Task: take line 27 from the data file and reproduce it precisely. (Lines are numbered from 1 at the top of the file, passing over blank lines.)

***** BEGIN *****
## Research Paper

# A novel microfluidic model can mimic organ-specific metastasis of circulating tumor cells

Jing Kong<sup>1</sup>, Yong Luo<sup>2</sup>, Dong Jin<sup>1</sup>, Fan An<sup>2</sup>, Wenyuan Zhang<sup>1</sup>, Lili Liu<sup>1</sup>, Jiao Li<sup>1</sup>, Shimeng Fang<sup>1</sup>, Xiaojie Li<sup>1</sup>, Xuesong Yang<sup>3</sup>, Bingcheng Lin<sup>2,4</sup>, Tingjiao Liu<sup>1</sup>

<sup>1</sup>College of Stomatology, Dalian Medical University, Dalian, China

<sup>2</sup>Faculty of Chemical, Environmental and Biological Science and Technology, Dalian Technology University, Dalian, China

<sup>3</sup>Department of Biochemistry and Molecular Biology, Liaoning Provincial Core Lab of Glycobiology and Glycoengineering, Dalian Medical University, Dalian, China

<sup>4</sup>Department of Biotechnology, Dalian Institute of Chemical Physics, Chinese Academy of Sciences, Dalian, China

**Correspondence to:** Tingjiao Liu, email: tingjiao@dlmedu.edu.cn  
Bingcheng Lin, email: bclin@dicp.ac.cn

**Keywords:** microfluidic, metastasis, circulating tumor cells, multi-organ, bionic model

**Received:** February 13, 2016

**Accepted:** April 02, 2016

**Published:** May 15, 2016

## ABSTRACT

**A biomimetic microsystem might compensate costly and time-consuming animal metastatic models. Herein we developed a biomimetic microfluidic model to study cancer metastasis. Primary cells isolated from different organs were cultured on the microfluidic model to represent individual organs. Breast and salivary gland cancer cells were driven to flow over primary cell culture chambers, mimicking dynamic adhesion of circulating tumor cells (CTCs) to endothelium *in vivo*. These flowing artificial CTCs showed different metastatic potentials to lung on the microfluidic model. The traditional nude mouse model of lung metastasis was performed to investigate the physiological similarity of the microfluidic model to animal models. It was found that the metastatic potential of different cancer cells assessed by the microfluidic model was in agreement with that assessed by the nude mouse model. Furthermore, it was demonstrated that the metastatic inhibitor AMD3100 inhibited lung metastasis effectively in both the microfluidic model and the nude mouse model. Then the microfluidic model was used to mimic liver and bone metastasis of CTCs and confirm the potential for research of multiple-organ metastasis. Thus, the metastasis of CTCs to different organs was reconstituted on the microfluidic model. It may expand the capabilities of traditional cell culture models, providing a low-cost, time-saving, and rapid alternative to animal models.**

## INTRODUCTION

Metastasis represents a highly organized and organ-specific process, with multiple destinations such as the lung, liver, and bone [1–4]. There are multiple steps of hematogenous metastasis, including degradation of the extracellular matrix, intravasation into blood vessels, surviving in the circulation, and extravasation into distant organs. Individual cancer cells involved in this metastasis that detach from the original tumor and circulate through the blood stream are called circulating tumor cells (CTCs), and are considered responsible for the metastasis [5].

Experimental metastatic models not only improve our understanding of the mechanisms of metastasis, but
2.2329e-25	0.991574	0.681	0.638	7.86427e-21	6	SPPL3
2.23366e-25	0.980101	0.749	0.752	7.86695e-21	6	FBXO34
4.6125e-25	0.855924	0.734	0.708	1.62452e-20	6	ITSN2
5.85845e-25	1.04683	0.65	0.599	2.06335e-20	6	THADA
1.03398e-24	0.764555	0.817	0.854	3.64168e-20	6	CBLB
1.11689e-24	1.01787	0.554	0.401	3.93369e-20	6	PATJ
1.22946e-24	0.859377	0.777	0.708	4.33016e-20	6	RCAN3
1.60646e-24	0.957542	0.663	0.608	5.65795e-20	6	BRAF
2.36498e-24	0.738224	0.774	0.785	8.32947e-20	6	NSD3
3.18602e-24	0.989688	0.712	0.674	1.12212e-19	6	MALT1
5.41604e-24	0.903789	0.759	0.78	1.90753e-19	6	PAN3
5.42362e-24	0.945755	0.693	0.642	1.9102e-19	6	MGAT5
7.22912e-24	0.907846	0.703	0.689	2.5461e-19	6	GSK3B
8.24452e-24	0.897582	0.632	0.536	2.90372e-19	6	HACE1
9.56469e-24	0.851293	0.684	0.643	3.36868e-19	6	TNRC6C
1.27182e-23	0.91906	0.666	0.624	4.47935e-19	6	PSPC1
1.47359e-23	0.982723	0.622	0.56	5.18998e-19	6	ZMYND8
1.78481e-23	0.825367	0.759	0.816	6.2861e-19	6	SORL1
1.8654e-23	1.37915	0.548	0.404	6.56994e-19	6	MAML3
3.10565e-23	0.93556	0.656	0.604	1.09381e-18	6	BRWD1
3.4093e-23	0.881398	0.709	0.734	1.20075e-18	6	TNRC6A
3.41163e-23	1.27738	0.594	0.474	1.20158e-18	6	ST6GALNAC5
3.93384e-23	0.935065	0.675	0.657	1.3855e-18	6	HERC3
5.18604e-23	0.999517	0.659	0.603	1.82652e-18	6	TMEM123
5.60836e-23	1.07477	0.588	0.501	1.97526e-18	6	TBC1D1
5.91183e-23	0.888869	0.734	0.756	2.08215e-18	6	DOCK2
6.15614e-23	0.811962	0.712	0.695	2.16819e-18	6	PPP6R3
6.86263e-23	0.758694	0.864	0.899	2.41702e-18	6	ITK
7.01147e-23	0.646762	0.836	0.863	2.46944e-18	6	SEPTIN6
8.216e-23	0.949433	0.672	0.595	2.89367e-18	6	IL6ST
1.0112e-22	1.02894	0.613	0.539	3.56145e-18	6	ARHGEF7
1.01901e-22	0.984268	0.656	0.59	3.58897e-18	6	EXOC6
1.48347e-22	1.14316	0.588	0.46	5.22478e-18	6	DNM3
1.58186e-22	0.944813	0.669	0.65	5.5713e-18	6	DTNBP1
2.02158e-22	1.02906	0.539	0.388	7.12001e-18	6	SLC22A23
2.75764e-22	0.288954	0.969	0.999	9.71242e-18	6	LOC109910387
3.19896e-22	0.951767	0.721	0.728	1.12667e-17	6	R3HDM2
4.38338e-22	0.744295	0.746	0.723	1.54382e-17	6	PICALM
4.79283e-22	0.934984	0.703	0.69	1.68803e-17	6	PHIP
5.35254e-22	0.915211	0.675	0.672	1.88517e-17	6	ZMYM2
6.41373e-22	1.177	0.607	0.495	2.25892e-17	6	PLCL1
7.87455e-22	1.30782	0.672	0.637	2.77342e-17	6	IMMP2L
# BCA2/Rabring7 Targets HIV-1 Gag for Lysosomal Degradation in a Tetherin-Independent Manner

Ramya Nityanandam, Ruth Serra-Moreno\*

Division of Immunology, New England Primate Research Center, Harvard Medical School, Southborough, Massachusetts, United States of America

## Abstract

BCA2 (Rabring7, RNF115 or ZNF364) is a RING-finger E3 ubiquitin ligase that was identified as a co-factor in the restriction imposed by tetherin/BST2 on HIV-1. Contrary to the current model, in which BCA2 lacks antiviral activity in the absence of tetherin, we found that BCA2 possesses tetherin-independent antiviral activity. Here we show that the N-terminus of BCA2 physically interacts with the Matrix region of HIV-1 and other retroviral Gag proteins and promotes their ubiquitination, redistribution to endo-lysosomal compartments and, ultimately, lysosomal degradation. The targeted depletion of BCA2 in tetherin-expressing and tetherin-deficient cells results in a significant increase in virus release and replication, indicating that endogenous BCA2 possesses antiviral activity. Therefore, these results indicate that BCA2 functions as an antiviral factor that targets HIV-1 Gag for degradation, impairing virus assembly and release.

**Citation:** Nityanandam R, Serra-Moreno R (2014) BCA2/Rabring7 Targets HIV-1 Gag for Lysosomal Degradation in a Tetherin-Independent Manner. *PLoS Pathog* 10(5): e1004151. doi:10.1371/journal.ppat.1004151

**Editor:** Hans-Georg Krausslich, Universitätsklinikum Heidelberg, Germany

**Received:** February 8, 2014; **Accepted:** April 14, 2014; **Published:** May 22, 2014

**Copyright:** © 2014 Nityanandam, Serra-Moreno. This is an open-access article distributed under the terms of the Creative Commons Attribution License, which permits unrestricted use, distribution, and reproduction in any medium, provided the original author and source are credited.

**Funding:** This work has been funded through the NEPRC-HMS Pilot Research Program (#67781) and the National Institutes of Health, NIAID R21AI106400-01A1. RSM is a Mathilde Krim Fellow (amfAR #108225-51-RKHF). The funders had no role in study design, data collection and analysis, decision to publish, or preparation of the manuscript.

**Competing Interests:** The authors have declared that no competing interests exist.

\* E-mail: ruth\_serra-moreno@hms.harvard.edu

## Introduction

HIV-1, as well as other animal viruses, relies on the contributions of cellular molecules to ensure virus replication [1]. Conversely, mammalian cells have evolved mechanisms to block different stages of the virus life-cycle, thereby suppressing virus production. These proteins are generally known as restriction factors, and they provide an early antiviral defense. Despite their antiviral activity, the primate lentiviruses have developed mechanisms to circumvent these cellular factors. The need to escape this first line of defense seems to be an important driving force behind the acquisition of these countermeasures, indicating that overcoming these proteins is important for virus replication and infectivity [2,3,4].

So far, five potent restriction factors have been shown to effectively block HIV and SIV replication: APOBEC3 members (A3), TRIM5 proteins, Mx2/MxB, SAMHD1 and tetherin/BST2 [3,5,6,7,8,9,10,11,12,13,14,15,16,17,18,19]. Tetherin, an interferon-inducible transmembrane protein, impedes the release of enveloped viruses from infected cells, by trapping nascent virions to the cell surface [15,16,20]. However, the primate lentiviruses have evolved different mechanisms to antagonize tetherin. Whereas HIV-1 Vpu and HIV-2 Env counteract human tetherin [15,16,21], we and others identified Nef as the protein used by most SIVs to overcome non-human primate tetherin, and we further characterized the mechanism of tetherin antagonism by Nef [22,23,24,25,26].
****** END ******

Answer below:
2.36498e-24	0.738224	0.774	0.785	8.32947e-20	6	NSD3